As we discussed last time, the caret::train() function provides a consistent interface to masses of regression and classification algorithms, and amongst (many) other things it takes care of resampling and preprocessing, the feeding in of tuning parameters, and defining the summary statistic you wish to use to select your model.
The models I will use are: quadratic discriminant analysis, flexible discriminant analysis with MARS hinge functions, a neural network, support vector machines (with radial and polynomial kernals), and a k-nearest-neighbors model. As you may have gathered last time, the interface caret provides makes it almost trivial to fit these models with no knowledge of how they work. This isn't an ideal strategy, as prior knowledge and understanding of models will give you a better understanding of their strengths and weaknesses, and situations where they may or may not be appropriate to apply. For example, in reality I never would have even tried applying linear models on the churn set, as the classification boundaries are clearly non-linear (which we deduced from our exploratory data analysis where we saw degenerate distributions in some of the important features).
I highly reccomend anyone interested beyond memorising the caret::train() syntax to check out a proper machine learning algorithms course- Andrew Ng's Machine Learning course on Coursera is a great one to start with.
Anyway, as an example, here is the syntax I used to train my neural network model:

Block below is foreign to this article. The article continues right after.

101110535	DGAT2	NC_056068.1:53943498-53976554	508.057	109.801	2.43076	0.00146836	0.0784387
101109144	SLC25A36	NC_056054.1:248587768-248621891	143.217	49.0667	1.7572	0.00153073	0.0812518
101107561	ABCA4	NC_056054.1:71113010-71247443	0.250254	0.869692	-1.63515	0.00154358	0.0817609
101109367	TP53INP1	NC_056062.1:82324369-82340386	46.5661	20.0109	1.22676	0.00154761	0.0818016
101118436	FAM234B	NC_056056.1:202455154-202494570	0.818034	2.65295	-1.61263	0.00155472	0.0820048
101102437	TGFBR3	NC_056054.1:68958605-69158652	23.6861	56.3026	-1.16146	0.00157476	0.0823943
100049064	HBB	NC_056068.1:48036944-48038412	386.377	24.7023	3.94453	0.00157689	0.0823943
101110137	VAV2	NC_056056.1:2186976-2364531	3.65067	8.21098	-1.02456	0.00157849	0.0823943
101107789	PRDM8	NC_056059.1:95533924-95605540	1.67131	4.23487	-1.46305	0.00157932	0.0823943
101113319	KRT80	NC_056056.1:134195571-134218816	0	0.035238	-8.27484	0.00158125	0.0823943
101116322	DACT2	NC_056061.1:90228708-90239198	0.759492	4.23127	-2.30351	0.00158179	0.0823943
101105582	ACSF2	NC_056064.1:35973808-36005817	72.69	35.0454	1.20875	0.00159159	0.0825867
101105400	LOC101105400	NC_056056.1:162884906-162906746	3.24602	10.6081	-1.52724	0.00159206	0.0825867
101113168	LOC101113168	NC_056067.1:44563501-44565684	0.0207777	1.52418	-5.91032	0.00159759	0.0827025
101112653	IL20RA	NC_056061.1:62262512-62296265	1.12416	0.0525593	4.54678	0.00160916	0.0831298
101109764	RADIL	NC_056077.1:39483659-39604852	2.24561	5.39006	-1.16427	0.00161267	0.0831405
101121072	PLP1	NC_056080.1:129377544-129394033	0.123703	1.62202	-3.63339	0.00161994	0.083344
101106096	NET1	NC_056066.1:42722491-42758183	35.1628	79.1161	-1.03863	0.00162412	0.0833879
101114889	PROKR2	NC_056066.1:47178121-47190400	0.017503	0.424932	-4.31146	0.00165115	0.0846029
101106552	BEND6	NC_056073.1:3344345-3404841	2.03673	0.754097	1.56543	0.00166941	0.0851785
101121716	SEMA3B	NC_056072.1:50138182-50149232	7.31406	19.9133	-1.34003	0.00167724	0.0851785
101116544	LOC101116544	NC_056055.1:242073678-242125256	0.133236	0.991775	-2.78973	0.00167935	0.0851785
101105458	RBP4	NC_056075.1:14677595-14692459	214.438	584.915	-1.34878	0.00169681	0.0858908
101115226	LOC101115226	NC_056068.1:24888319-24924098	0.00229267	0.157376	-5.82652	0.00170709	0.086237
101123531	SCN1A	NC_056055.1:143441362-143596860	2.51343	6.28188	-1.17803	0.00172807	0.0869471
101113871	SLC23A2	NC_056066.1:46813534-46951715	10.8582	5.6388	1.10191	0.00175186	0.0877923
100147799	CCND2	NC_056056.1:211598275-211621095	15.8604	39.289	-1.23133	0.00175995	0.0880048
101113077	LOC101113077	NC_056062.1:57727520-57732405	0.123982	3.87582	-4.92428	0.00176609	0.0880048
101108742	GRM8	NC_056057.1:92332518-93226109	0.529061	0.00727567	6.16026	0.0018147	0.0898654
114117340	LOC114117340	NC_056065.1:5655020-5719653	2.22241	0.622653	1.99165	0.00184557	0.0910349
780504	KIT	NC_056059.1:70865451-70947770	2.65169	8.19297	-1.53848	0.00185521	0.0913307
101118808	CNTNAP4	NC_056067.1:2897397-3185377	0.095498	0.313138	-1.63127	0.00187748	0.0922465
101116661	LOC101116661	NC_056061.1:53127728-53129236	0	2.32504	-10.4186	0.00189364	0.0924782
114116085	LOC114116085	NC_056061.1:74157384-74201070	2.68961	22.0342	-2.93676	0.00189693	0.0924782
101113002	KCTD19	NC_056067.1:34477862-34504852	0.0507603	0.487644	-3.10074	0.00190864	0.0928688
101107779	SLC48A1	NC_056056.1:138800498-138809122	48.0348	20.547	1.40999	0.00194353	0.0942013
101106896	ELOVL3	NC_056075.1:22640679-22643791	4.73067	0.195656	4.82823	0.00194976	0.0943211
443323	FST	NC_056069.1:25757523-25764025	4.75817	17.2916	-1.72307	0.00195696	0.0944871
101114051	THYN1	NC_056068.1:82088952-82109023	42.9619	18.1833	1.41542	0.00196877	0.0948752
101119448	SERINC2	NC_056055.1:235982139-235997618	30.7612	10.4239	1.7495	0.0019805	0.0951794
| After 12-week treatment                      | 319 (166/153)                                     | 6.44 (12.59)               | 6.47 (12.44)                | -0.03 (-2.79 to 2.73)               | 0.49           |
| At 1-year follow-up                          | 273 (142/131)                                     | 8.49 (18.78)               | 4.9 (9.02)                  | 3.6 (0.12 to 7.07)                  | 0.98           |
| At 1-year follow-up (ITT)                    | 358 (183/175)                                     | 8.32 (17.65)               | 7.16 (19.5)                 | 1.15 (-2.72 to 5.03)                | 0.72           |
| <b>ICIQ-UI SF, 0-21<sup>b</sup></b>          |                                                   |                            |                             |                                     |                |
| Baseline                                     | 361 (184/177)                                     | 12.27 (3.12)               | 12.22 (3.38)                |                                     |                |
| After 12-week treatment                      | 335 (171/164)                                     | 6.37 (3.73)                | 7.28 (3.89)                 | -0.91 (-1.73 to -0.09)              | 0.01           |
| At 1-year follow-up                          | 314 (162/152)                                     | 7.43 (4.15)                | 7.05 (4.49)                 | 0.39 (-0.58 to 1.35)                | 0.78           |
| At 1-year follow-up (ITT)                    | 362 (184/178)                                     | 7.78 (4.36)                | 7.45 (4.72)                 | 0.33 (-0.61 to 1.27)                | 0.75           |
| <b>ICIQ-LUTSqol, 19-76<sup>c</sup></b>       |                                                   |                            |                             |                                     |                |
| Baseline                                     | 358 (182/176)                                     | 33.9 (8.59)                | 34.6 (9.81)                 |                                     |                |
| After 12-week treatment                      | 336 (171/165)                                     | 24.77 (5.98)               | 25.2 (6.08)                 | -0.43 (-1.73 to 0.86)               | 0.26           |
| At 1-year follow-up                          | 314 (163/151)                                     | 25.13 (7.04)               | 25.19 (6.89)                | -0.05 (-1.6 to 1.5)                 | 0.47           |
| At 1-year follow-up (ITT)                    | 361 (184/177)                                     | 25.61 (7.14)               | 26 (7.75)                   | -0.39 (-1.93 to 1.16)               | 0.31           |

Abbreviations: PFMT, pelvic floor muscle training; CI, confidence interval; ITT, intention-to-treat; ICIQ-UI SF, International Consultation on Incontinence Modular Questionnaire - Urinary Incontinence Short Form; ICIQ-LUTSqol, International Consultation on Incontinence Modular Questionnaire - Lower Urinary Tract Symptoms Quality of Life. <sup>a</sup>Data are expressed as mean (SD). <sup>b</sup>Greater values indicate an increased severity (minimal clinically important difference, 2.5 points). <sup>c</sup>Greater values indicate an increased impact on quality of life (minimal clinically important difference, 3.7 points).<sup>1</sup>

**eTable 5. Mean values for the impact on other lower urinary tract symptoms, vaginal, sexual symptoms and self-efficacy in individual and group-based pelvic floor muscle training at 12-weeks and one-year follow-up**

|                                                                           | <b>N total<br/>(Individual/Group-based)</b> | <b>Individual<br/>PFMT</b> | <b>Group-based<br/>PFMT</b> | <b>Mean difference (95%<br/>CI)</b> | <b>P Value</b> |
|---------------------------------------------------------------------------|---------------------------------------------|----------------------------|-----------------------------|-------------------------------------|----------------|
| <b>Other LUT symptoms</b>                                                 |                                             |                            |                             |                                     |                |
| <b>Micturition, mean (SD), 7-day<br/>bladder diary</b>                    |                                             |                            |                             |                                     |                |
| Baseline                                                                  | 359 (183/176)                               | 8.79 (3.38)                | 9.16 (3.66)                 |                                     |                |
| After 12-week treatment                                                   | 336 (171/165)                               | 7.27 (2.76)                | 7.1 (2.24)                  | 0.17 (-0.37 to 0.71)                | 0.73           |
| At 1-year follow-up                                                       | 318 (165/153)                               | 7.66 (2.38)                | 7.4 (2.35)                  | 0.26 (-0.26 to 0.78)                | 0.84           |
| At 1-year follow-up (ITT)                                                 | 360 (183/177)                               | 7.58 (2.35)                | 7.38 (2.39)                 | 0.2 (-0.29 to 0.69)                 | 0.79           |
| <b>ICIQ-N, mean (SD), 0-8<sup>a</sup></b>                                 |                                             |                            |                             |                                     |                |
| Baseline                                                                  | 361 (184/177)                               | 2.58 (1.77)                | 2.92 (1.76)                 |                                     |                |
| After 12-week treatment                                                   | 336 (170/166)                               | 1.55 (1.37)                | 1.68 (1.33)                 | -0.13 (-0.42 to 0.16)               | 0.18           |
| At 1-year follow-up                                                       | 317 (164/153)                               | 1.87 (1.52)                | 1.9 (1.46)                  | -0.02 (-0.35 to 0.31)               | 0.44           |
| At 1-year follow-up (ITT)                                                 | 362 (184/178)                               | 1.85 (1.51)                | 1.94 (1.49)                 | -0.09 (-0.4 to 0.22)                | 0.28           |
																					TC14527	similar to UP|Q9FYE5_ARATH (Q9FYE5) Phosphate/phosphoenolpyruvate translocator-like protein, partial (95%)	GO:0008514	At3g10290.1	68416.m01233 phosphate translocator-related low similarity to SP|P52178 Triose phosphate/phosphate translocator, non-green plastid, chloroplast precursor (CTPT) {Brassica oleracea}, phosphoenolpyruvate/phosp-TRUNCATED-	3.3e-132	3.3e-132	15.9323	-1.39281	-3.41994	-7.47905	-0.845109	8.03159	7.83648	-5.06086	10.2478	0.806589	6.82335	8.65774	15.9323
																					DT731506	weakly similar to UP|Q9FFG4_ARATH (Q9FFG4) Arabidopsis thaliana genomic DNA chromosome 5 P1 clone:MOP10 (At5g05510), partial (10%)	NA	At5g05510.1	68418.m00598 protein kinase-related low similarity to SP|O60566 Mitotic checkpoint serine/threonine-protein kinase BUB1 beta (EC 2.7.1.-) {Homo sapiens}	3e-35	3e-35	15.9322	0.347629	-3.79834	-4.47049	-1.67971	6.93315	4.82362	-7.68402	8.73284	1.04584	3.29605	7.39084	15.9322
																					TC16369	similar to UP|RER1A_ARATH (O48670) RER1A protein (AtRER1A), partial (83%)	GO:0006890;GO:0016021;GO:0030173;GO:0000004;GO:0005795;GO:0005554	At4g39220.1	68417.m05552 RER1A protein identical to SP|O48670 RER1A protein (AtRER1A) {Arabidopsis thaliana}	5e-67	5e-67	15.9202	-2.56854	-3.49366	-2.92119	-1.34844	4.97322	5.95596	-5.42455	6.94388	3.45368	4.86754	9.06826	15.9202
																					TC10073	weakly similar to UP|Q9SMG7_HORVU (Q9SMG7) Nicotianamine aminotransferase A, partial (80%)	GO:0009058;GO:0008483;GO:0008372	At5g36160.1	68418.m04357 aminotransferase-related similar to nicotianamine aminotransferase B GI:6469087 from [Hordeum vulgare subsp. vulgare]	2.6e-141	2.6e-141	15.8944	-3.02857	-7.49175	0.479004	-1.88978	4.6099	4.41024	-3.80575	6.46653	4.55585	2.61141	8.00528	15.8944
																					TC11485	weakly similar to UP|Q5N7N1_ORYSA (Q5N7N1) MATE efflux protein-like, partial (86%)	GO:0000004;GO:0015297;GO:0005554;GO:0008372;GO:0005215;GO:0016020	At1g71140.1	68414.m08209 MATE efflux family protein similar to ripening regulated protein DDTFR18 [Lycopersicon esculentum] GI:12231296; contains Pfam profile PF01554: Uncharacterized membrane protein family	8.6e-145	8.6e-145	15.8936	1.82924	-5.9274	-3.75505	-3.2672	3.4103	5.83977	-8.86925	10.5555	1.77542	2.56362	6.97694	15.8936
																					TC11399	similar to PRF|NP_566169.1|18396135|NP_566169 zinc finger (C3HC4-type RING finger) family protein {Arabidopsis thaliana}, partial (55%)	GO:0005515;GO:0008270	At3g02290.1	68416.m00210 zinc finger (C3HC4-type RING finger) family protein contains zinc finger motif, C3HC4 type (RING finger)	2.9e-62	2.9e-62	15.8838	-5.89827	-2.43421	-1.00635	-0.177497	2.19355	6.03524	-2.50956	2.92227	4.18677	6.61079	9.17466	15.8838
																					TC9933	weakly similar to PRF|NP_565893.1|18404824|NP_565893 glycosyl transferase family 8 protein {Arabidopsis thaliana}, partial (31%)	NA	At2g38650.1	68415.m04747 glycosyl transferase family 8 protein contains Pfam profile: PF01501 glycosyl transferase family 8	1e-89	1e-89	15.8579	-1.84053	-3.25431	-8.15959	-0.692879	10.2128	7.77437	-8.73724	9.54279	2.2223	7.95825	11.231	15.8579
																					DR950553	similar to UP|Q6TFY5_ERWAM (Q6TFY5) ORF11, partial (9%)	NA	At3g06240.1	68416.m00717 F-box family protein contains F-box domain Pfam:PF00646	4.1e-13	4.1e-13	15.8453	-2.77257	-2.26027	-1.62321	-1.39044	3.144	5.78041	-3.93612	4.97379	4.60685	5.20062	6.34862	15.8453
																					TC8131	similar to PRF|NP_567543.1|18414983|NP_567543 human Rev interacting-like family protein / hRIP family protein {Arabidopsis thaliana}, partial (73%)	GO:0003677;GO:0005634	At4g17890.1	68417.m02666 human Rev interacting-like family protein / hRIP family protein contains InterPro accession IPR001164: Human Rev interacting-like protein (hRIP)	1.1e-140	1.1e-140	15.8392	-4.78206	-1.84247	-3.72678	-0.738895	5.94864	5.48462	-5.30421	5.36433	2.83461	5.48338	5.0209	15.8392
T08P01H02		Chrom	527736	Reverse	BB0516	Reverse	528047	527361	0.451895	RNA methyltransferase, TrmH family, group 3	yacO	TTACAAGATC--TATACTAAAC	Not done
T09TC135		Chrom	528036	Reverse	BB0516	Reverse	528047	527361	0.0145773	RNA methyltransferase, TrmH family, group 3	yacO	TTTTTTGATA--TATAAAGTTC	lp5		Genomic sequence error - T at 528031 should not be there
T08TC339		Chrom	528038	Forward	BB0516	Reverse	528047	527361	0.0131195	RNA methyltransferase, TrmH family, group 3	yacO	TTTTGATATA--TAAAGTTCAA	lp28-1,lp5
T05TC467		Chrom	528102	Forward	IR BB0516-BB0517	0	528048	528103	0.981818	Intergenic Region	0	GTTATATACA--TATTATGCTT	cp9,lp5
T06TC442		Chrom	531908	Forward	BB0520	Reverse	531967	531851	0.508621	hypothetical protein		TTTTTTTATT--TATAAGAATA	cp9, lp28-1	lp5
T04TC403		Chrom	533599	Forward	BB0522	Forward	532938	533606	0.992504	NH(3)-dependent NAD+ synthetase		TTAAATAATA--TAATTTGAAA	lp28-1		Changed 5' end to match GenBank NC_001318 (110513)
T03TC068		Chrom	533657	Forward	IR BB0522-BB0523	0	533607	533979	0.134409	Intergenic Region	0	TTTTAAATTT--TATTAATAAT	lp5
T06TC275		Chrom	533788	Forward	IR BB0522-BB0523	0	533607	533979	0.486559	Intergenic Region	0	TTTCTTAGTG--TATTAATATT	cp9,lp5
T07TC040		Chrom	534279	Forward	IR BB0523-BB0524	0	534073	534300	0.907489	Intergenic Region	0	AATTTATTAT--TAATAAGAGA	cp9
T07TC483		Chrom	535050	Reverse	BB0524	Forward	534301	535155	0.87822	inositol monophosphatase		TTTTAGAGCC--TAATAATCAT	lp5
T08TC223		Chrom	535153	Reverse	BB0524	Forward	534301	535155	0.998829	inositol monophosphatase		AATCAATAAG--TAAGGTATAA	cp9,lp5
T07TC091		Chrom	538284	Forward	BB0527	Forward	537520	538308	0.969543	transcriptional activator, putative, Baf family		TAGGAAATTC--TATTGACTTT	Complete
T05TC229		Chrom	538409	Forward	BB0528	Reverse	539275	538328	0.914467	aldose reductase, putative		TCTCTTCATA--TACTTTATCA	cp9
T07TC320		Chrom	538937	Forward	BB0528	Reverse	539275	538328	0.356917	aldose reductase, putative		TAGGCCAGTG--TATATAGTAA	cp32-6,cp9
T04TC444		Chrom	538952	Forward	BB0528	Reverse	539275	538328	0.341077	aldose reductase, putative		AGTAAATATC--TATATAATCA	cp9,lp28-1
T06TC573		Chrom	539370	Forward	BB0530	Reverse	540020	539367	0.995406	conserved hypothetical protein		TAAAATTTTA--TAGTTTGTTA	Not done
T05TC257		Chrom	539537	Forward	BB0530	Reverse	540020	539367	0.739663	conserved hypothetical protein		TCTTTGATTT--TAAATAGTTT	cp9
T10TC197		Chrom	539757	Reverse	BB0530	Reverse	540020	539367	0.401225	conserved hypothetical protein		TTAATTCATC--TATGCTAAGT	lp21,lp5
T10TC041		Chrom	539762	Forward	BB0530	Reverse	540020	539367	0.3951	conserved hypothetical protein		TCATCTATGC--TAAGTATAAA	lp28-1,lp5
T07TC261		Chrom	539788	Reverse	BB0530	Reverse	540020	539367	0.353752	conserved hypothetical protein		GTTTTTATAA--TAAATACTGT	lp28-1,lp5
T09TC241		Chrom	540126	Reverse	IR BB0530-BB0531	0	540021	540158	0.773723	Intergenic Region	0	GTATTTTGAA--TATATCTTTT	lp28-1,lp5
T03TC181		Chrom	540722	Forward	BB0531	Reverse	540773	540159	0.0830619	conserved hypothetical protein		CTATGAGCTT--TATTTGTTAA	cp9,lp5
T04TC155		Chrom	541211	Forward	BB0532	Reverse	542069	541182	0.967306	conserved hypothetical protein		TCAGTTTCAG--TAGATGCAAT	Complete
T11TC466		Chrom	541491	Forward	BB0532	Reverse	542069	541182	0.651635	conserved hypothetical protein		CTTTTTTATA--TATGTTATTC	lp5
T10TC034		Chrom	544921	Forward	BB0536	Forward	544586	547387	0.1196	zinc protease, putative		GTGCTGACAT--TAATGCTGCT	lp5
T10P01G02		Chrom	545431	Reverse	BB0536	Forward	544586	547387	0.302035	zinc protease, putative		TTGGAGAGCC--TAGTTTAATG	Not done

# set up grid of training parameters
# train up to a maximum of 10 layers
# with various weight decay parameters
# choose number of weights- I have seen
# various suggestions of how many should be used,
# this is what APM suggests
nnetGrid <- expand.grid(size = 1:10,
decay = c(0.01, 0.03, 0.1, 0.3, 1))
maxSize <- max(nnetGrid$size)
numWts <- (maxSize * (length(reducedSet) + 1) + maxSize + 1)
# set seed and tune. Use reduced, and peform a spatial
# sign transformation on predictors. trace, maxit, MaxNWts
# are parameters specific for nnet
nnetTune <- train(x = trainInput[, reducedSet],
y = trainOutcome,
preProc = c(
tuneGrid = nnetGrid,
trace = FALSE,
maxit = 1000,
MaxNWts = numWts,
trControl = ctrl)
For neural networks, we are training over the number of hidden layers and the weight decay (the regularisation parameter). We can use the plot generic as nnetTune is of class train, to visualise how our choices of tuning parameter faired:
After fitting all the models, we see the improvement compared to the linear models is staggering: the two best non-linear models achieve a sensitivity of 0.71 and specificity of 0.99 (nnet) and a sensitivity of 0.75 and a specificity of 0.99 (fda) on the test set. Note that neural networks are not entirely stable, so your results may differ slightly if you run the code with a different seed (you are not guarenteed to find the optimum values when fitting parameters for a neural network). This compares to a sensitivity of 0.46 and a specificity of 0.97 for the best linear model, which was a penalised LDA model.
The way neural networks and FDA interpret variable importance differs- see the documentation for caret::varImp() for a detailed discussion. It is interesting is to compare the two models, as we relied on FDA to perform feature selection for us. For example, we assumed that little information was given in the state for the neural network model, so we would expect the state of the customer to be relatively unimportant in the FDA model.
We can compare the top 15 predictors of the two models using caret::varImp(). This is really useful for 'model dissection'. The predictors are rated on an absolute scale here, so that the most important has a score of 100, and least important 0.
Firstly for the neural net (which in fact had only 14 predictors):
And for FDA (which had the full set of 65 predictors as inputs, but only seems to have used 11):